Verl Workman has been training and speaking directly to real estate agents for twenty years. His first company he sold to Homes.com during the .com frenzy and went on to raise seventy million dollars for it.
He used his successful sale of his company to get on as many stages and possible and start helping as many agents as he could utilize any kind of technology that was available to them. His main goal was to help real estate agents understand that they needed websites, which were the latest and greatest technology of the moment. Highly successful with equipping and motivating those agents, Verl was greatly let down when he would see those people a year later and see that they had not implemented anything they learned.
Still with the aim of helping as much as he could, Verl started a new venture where he could help streamline some of the agent’s processes, specifically in the format of teams. He notes that the consumer is trained to deal with teams, and real estate is no different. Each part of the real estate transaction requires interaction with experts at every level. Consumers don’t want to have surgery from a surgeon who only operates seven times a year, and so Verl applies that logic to the setup of a team. A buyers’ agent who only deals with that part of the process fifty times a year is much better equipped than their counterpart.
Workman Success Systems, his namesake business, teaches agents how to grow through successfully implementing systems. That comes to life in a few ways. The first is simply through tracking activity. “That which you don’t track doesn’t get done,” he says. Once clients have got enough data to start decision making, he urges them to cut expensive activities and focus on those with a decent ROI and begin to grow them. The last point he makes is to start leveraging money-making activities. This means scale and grow!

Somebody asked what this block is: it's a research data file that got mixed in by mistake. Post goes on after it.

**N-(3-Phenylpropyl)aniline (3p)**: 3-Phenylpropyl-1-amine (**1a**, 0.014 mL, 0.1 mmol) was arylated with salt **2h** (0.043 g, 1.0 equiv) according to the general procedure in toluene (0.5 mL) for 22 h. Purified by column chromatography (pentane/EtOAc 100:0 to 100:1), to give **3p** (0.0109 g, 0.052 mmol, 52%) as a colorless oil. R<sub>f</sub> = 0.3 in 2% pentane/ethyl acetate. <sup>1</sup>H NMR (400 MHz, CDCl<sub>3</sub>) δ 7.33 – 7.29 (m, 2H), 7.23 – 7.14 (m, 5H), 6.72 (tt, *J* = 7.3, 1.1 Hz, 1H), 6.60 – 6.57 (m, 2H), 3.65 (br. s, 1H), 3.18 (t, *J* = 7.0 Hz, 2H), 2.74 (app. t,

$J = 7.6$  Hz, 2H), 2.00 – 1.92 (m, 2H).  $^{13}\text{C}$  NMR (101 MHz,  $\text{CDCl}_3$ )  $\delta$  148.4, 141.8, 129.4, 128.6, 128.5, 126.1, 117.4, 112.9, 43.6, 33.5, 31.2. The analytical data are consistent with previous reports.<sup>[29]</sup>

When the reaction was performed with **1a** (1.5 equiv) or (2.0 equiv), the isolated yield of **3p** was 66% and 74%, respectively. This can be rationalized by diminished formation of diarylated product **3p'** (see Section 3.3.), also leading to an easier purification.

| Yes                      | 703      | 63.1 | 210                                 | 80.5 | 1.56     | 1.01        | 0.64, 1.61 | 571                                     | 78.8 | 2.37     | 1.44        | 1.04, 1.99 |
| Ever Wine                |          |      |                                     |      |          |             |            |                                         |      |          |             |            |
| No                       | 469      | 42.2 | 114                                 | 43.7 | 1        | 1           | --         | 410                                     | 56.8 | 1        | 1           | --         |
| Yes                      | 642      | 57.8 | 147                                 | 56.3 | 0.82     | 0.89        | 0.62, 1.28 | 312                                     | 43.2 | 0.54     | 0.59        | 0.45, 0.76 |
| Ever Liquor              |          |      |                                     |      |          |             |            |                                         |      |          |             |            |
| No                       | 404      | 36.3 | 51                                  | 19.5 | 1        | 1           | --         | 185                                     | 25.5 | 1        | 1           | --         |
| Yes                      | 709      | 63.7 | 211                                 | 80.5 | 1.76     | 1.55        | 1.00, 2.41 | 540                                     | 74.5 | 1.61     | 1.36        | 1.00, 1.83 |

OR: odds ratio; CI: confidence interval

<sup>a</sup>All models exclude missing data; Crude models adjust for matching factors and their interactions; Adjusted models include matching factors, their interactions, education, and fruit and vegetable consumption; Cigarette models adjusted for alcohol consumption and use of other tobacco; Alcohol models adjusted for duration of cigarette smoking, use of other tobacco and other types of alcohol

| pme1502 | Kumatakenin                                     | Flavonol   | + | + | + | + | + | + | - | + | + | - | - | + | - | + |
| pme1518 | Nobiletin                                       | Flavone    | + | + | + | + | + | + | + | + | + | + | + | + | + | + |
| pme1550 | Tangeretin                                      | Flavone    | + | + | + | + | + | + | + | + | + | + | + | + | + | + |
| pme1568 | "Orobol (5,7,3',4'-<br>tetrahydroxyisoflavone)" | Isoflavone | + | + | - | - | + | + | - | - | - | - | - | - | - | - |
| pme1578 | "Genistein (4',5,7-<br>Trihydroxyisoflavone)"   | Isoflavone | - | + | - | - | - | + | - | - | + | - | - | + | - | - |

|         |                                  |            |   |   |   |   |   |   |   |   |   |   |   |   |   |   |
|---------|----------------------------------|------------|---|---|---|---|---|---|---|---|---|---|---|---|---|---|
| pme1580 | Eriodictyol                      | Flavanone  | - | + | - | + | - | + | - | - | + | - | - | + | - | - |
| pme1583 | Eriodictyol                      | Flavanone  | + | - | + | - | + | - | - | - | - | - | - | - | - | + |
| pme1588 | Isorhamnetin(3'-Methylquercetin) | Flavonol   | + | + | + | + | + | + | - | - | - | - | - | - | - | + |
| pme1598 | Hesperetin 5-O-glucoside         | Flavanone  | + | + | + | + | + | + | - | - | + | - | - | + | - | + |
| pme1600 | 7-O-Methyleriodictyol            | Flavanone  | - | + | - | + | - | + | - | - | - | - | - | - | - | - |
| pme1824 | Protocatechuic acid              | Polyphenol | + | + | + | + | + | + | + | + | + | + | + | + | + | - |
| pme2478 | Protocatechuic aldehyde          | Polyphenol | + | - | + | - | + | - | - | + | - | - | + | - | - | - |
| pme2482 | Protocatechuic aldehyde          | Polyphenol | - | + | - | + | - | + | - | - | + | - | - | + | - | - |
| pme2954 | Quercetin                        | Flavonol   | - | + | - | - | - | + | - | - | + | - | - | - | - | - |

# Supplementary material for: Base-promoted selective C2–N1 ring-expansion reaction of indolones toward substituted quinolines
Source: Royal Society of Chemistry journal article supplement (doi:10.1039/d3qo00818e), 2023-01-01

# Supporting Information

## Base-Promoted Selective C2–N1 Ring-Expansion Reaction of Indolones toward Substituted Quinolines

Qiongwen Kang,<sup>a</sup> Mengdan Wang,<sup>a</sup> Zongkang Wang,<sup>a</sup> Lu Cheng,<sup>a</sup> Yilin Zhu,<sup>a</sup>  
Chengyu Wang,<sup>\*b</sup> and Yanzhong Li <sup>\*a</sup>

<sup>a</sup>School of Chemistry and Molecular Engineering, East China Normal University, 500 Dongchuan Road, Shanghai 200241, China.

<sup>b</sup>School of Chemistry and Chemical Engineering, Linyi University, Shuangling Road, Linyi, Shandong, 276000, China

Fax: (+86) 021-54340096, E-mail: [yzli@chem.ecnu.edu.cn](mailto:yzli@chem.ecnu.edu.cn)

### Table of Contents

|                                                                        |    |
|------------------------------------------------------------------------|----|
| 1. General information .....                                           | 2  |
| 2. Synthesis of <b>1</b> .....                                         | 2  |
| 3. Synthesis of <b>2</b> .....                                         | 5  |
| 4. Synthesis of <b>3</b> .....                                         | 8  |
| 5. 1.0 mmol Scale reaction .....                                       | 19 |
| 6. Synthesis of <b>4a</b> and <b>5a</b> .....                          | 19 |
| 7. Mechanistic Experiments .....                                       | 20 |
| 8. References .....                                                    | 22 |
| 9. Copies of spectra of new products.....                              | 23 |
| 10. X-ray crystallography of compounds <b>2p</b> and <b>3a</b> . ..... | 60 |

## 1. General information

People tend to confuse growth and scaling with simply needing more leads. Verl teaches his clients to focus more on activities than leads, as a person’s activities are something they can be accountable for. Once activities are quantified, clients are able to do a little math and work backward to exactly what they need to be focusing on every day. Workman recounts several examples of clients where this was true, and shares his three strategies to focus on:
Top 50 Referrals- Who are the top 50 people that you can count on to refer one transaction to you a year? Focus on those relationships.
Work Listings to Create More Listings- if you know your statistics on conversions with your listings, how many transactions should come from each of your listings?
Geographic Farming for 18-24 months. Workman teaches that the best momentum comes from being present for up to two years and continuously crafting new messages to a specific group of people.
Verl closes with this; “Selling is serving.” He notes that if you do not ask the right questions you will never know the true needs of your clients and you will not be equipped to serve them best.